Friday, May 04, 2007


The Torah specifies (25:23) that the table in the Mishkan was to be made specifically from atzei shitim – acacia wood. Why was this type of wood specifically chosen for this purpose?

Rabbeinu Bechaye notes that the letters spelling the word shitim are short for the words shalom, tovah, yeshuah, mechilah – peace, goodness, salvation, and forgiveness. This type of wood was also used in the Holy Ark and the altar, hinting to us that the Divine Service performed through these vessels was the source of brining down all of these blessings to the world.

In our day, however, when we unfortunately lack all of these items, what do we have in their stead through which we may merit the rewards and bounty that they brought? The Gemora in Chagiga (27a) derives from a verse in Yechezkel that in the absence of the Holy Temple, the generous opening up of a person’s table to serve the poor and other guests serves in lieu of the altar. The Gemora in Berachos (54b) adds that doing so is a merit for long life.

Reb Oizer Alpert cites the Rabbeinu Bechaye, who mentions the fascinating custom of the pious men of France who had their burial caskets built from the wood of their tables. This symbolizes their recognition that upon dying, none of their earthly possessions would be accompanying them and the only item they could take with them was the merit of the charity and hosting of guests that they performed in their lifetimes. In fact, the Minchas Cohen suggests that the letters in the word shulchan are abbreviations for shomer likevurah chesed nedivosayich – preserving for burial the kindness of your giving!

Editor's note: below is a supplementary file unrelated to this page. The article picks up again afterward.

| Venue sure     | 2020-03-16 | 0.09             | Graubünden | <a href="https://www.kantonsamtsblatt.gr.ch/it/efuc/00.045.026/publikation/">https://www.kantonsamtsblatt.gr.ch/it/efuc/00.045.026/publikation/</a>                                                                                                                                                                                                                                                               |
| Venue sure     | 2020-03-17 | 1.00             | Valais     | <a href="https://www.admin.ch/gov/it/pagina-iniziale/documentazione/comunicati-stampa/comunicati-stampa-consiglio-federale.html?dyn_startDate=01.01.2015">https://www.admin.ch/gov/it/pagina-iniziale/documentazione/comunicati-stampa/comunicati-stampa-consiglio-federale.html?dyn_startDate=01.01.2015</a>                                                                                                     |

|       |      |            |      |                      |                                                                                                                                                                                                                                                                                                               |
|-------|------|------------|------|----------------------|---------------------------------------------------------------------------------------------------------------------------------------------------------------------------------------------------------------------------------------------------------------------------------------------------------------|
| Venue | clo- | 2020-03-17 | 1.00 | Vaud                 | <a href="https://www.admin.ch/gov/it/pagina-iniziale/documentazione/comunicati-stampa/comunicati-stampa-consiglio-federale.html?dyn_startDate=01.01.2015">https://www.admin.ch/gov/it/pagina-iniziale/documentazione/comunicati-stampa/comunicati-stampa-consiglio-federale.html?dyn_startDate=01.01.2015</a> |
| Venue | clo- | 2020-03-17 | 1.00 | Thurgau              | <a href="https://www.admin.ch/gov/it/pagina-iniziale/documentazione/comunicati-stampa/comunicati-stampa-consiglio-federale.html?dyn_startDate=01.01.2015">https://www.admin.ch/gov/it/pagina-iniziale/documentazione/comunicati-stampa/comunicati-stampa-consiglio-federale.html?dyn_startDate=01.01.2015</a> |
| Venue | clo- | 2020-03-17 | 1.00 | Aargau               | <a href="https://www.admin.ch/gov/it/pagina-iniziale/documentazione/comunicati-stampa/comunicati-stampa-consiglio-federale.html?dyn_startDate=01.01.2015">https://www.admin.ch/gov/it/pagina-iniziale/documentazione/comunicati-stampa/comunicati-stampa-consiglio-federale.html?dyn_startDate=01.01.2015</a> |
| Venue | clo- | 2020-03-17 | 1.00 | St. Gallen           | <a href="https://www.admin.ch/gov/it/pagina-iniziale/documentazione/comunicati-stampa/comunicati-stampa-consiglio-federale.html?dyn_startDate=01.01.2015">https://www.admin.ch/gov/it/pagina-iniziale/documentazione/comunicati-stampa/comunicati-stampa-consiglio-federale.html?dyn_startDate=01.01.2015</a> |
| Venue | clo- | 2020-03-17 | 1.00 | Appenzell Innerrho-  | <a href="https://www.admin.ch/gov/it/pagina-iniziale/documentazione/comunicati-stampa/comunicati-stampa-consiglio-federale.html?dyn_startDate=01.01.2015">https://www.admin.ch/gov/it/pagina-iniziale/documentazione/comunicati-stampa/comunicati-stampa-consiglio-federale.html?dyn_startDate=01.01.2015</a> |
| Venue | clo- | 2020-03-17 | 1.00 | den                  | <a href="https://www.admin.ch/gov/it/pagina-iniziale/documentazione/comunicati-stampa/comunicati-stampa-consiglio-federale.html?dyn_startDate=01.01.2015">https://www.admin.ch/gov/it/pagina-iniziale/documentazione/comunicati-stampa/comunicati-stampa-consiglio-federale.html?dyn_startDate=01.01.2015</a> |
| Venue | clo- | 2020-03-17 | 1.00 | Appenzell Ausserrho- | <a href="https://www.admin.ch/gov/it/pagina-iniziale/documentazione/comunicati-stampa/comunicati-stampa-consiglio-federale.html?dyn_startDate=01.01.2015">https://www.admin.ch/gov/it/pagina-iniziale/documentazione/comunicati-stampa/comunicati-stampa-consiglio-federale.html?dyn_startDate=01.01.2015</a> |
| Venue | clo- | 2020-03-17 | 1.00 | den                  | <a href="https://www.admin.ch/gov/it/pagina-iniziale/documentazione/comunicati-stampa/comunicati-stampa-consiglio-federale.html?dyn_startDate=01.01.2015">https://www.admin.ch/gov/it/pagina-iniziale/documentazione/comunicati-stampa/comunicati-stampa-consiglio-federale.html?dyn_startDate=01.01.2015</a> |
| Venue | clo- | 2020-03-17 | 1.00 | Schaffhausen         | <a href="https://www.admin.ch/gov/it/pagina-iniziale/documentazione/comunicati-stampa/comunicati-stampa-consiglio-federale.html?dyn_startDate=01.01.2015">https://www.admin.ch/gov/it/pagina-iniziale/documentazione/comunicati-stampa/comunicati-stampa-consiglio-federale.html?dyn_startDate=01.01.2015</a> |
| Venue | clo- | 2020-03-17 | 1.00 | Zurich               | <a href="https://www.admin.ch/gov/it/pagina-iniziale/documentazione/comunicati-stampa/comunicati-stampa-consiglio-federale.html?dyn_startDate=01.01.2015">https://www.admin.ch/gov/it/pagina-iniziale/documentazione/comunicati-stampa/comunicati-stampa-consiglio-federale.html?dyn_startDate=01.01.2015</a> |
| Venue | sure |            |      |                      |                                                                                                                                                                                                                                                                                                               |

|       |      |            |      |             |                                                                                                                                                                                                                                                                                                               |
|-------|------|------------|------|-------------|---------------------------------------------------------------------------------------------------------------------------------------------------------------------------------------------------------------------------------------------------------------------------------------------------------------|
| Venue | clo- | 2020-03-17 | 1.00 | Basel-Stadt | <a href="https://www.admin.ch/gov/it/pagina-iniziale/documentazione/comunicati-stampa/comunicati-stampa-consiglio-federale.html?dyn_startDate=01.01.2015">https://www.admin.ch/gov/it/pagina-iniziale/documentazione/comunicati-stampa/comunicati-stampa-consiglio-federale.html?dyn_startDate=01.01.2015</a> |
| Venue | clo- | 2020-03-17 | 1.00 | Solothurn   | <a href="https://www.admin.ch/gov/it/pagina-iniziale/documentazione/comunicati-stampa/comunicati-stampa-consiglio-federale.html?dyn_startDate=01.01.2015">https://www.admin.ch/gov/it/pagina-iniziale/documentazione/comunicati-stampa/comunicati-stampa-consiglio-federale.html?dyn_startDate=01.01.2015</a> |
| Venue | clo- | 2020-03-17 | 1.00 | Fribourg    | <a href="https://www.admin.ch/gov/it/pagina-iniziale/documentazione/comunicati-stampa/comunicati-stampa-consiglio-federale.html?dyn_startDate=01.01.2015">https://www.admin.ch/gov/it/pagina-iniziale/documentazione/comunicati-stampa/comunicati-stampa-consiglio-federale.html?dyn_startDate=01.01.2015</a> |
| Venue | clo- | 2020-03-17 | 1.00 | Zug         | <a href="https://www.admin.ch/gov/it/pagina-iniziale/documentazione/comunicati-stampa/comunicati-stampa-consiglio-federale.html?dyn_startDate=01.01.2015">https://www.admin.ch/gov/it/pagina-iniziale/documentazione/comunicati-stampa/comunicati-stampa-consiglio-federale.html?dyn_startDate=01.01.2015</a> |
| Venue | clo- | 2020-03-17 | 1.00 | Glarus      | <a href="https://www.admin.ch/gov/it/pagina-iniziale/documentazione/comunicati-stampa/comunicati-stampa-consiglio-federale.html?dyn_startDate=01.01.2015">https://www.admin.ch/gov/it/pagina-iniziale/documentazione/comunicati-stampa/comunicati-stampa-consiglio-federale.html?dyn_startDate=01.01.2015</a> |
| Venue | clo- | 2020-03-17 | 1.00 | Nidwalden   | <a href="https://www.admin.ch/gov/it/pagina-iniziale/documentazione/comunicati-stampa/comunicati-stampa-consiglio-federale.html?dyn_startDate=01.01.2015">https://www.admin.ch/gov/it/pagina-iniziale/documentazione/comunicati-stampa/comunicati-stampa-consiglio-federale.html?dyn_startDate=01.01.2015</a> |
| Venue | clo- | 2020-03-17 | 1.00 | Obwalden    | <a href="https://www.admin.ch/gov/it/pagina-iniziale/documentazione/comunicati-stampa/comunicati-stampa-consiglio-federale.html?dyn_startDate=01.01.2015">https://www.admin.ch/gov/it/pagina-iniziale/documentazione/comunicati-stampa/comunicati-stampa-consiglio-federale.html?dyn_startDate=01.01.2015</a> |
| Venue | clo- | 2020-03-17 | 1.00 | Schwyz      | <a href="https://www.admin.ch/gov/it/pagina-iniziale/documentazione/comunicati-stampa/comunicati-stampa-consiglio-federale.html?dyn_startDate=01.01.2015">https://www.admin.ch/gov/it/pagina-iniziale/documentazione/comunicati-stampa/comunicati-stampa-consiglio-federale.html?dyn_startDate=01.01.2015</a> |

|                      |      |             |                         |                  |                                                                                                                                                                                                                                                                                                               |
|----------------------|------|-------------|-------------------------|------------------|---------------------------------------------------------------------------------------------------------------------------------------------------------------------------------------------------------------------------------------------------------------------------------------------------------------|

Anonymous said...

perhaps we can add that Rabbeinu Bachye himself writes that shulchan is derived from the word shalach, to send, meaning that the shluchan was the source of blessing in the world. We can suggest that those who would use their tables as caskets would be "sending" their merits from their table to the next world.